(Since I’m such a die-hard Duran Duran fan, I decided to try my hand at carving their most recognized album cover to date on a pumpkin. Not my best work, but it was fun!)rio

Vincent Van Gogh’s “Starry Night”
(This took longer than all the others, but I think it turned out rather well.)starry night

Like many people, Annie Bell always enjoyed a good ghost story. Even as a child, she would always listen intently whenever her parents or other adults would recite their favorite old tales of specters, ghosts and goblins, especially during the times people would gather close to Halloween. Annie Bell never admitted to believing in any of the stories she had heard, although she did seem to find a great deal of entertainment in them. As she grew older, her love of folklore and stories of various hauntings would wax and wane, but Annie Bell was always the one in her family who remembered the most about local ghost stories most people had forgotten.

One of Annie Bell’s favorite stories to tell others, especially those younger than her was a story surrounding a small bridge located, as she would describe, “a stone’s throw away” from the front door of her house. Buckle Bridge, as it was known due to the fact that it would buckle slightly if too much weight was on it at once, was no more than a makeshift bridge made of wooden planks thrown together, albeit strong enough to withstand the crossing of a horse and carriage. Those in the community who had the forethought to replace a board whenever they saw one that needed mending tended to its upkeep. Most everyone who had lumber or other materials to spare were happy to lend a hand in helping make sure the bridge stayed in working order.

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As the story goes, during the slavery era Buckle Bridge was used as a connection point for the Underground Railroad, which served as a network of secret routes used by black slaves in the nineteenth century to escape to free states in the north as well as Canada. Many slaves would wait underneath the bridge for a horse and carriage to come to a stop on the bridge around midnight. The driver of the carriage would tap on the floor of the bridge three times with his walking stick to let those hiding underneath know that it was safe to come out and board the carriage to be taken to their next stop in their travels to freedom. Normally, this would happen during the full moon so the slaves could at least have the best light possible in order to board the carriage.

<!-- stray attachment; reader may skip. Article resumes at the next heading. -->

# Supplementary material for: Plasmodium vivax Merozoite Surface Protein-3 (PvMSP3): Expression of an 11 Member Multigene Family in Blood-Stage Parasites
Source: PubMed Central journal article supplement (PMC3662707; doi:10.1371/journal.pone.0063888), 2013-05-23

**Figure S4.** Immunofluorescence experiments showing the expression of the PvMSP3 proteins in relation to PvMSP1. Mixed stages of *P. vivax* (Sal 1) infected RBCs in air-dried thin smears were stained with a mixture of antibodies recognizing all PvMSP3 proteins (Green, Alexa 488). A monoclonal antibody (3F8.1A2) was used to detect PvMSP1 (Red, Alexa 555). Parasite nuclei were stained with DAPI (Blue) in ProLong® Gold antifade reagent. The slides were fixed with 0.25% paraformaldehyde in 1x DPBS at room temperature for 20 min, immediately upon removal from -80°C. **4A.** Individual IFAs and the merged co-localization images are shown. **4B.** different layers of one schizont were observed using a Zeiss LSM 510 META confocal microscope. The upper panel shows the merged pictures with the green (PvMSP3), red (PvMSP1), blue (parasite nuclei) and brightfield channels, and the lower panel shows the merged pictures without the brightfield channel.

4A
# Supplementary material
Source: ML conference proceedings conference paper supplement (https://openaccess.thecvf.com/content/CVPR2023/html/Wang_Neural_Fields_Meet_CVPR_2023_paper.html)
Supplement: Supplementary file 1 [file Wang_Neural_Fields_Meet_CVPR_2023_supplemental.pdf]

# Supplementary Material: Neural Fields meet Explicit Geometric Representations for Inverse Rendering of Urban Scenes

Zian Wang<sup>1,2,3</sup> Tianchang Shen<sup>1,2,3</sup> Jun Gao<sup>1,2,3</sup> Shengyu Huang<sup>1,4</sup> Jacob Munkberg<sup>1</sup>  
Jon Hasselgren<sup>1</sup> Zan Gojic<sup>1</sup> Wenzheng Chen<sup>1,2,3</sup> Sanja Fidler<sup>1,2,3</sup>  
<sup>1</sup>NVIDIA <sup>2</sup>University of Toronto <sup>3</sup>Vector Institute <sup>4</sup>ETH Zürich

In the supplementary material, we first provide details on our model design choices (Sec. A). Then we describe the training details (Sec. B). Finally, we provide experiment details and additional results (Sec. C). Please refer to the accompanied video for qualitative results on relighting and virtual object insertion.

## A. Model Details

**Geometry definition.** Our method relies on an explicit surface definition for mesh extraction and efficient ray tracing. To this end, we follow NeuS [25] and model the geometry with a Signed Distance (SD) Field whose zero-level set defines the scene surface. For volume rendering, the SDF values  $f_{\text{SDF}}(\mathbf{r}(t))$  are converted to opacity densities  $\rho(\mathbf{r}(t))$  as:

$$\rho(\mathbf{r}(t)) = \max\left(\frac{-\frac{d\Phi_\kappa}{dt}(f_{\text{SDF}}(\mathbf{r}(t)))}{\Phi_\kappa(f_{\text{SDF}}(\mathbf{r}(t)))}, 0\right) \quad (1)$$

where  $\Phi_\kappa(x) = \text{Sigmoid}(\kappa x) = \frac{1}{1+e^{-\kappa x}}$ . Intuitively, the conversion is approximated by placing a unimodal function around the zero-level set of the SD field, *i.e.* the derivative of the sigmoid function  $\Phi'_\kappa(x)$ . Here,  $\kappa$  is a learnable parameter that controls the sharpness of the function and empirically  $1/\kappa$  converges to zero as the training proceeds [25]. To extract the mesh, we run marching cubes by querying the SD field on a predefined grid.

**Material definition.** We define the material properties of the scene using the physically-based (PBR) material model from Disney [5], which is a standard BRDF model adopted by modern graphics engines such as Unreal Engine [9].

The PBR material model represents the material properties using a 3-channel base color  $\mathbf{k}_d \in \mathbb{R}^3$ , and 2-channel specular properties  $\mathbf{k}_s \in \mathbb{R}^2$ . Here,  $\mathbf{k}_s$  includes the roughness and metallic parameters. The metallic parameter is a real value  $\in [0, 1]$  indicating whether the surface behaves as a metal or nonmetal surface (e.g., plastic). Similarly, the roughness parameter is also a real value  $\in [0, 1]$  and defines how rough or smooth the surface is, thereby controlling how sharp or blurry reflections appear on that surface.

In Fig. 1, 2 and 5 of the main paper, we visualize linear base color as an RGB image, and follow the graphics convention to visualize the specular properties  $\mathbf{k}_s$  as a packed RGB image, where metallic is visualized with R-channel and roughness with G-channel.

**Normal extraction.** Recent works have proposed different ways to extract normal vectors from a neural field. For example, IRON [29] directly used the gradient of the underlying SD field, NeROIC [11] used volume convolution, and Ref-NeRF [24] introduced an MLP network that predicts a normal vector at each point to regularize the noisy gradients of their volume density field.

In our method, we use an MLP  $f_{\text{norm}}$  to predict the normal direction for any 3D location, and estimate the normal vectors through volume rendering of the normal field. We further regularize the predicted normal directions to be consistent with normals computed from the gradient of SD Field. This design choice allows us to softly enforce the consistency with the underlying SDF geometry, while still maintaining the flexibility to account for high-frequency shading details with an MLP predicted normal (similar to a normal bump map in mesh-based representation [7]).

The use of Buckle Bridge as a connection point lasted for quite a while. Whenever the slaves would leave to gather under the bridge, they would sing spirituals as code to others that the carriage would be passing by that night and to get their things together if they wanted to escape. When they would gather after dark, those slaves who were trying to head north would sit as quietly as possible, hiding underneath the bridge in order to not draw any unwanted attention to themselves. As a connection point for the Underground Railroad, Buckle Bridge was quite successful due to its distance from any major slave owners and the fact that it was so inconspicuous. It’s estimated that around five hundred slaves used it during its use as a connection point.

It was about two years into its use by the Underground Railroad that certain slave owners discovered Buckle Bridge was being used as a connection point. When they found out about it, some of them gathered together to decide what to do to keep their slaves from being freed. After discussing the situation, they decided they would send a spy to the bridge to see what transpired and what methods they used to escape. They sent one man out to the Buckle Bridge area to watch what happened after dark on the next full moon. As he sat hiding in the dark a short distance from the bridge watching behind a tree, he saw a covered carriage drive by being pulled by two horses. When the carriage began crossing the bridge, the driver had the horses come to a complete stop half way across. As the driver got off the carriage, the lookout came from behind the tree to get a better look at what was happening. He saw the driver take his walking cane and tap the floor of the bridge three times. Shortly thereafter, the slaves emerged from under the bridge and climbed into the carriage and hid under blankets in the back. The driver turned the carriage around and returned the way it came. The spy reported back to the slave owners everything he saw.